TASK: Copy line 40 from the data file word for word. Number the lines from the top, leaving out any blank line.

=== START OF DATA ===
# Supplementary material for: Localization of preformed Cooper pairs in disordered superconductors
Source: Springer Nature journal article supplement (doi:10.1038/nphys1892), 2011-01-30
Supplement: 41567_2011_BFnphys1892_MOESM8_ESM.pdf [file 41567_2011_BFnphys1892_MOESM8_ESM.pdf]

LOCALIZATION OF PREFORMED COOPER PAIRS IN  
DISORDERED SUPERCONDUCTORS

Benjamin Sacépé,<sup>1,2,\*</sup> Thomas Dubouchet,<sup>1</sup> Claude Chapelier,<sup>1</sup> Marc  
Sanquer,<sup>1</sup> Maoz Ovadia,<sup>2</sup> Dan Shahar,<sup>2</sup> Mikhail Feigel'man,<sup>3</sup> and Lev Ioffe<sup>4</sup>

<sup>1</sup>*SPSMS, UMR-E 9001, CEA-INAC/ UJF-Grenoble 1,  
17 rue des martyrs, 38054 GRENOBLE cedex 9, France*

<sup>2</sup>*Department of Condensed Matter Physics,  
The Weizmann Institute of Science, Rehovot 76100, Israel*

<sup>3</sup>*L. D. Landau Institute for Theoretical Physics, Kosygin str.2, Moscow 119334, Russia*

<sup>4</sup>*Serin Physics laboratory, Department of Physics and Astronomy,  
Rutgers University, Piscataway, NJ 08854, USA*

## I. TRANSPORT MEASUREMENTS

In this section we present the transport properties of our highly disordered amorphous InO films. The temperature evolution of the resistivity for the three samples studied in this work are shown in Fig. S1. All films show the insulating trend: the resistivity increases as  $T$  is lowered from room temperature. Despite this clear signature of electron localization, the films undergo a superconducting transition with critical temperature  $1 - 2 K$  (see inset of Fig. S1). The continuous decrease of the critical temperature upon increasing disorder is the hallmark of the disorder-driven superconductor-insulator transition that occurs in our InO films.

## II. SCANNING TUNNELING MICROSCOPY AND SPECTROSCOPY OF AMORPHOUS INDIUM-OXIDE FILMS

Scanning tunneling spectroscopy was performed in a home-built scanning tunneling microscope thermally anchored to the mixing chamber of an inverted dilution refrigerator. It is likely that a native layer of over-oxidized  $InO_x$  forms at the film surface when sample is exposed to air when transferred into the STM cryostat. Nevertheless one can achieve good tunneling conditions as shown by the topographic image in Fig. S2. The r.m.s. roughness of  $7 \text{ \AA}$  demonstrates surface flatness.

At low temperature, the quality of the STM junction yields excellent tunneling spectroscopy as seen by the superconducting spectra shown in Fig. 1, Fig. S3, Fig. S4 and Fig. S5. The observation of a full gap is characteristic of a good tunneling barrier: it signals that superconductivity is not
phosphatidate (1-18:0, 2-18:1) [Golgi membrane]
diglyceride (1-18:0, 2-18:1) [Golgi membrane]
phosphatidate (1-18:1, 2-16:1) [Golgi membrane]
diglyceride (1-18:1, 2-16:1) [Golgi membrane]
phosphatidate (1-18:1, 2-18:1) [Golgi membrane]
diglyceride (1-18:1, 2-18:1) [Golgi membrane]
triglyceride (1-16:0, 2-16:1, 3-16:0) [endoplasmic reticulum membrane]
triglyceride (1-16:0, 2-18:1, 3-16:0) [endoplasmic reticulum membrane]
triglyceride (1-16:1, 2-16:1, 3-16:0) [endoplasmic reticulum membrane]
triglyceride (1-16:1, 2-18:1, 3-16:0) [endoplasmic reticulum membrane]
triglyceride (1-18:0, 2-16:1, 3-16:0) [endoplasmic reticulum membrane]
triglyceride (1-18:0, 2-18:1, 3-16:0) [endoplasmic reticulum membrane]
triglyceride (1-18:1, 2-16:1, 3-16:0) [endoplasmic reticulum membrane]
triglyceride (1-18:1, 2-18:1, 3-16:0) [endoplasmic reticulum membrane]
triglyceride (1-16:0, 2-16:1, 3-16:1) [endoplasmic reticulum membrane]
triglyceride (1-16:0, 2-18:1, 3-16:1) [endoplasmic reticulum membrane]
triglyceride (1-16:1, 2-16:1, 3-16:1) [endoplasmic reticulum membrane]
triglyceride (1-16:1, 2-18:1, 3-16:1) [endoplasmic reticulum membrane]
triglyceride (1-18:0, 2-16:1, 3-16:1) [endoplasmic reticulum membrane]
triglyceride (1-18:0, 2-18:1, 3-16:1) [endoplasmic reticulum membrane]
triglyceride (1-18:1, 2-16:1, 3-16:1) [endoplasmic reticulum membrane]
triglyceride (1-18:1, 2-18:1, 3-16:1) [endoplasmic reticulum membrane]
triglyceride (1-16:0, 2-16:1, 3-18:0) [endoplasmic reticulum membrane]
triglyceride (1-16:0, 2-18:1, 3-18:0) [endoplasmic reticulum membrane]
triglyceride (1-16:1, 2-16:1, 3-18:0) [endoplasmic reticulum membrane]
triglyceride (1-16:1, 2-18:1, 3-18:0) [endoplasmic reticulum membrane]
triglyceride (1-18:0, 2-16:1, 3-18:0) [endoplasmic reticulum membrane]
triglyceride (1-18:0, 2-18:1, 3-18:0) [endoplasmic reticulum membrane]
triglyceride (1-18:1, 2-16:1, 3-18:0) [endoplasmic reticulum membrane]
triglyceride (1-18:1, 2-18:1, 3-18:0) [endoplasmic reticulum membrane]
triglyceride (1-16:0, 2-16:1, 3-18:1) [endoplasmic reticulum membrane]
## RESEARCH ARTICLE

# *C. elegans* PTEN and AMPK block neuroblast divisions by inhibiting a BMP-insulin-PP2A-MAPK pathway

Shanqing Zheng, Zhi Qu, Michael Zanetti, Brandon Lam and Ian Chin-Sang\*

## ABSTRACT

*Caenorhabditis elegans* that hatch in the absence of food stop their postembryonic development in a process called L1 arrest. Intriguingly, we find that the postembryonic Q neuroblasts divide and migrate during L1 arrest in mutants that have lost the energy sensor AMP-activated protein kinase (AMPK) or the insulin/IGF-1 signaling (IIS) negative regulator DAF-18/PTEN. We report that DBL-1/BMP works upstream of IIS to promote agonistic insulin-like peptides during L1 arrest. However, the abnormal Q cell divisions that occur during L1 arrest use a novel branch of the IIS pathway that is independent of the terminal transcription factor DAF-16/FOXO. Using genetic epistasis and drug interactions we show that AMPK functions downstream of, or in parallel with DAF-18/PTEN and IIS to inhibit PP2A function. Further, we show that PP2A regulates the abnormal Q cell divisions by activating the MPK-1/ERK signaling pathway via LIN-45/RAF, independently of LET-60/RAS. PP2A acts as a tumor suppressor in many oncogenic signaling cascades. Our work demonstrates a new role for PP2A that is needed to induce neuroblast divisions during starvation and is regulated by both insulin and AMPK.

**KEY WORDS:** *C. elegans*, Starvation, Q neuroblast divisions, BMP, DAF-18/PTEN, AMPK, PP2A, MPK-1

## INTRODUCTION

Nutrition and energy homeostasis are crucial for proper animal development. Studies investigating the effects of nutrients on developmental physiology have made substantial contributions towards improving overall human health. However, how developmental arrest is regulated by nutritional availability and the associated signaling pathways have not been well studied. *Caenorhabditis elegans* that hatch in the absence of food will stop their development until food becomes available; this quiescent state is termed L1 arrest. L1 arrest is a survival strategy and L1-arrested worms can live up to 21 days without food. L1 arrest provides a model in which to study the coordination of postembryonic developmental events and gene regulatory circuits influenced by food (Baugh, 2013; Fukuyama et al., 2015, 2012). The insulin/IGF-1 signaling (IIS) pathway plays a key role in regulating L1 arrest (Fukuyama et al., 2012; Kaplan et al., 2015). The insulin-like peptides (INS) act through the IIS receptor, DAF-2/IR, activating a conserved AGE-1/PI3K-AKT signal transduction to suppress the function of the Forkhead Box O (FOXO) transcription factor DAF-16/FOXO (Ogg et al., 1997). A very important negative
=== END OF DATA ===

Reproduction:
triglyceride (1-18:1, 2-16:1, 3-16:1) [endoplasmic reticulum membrane]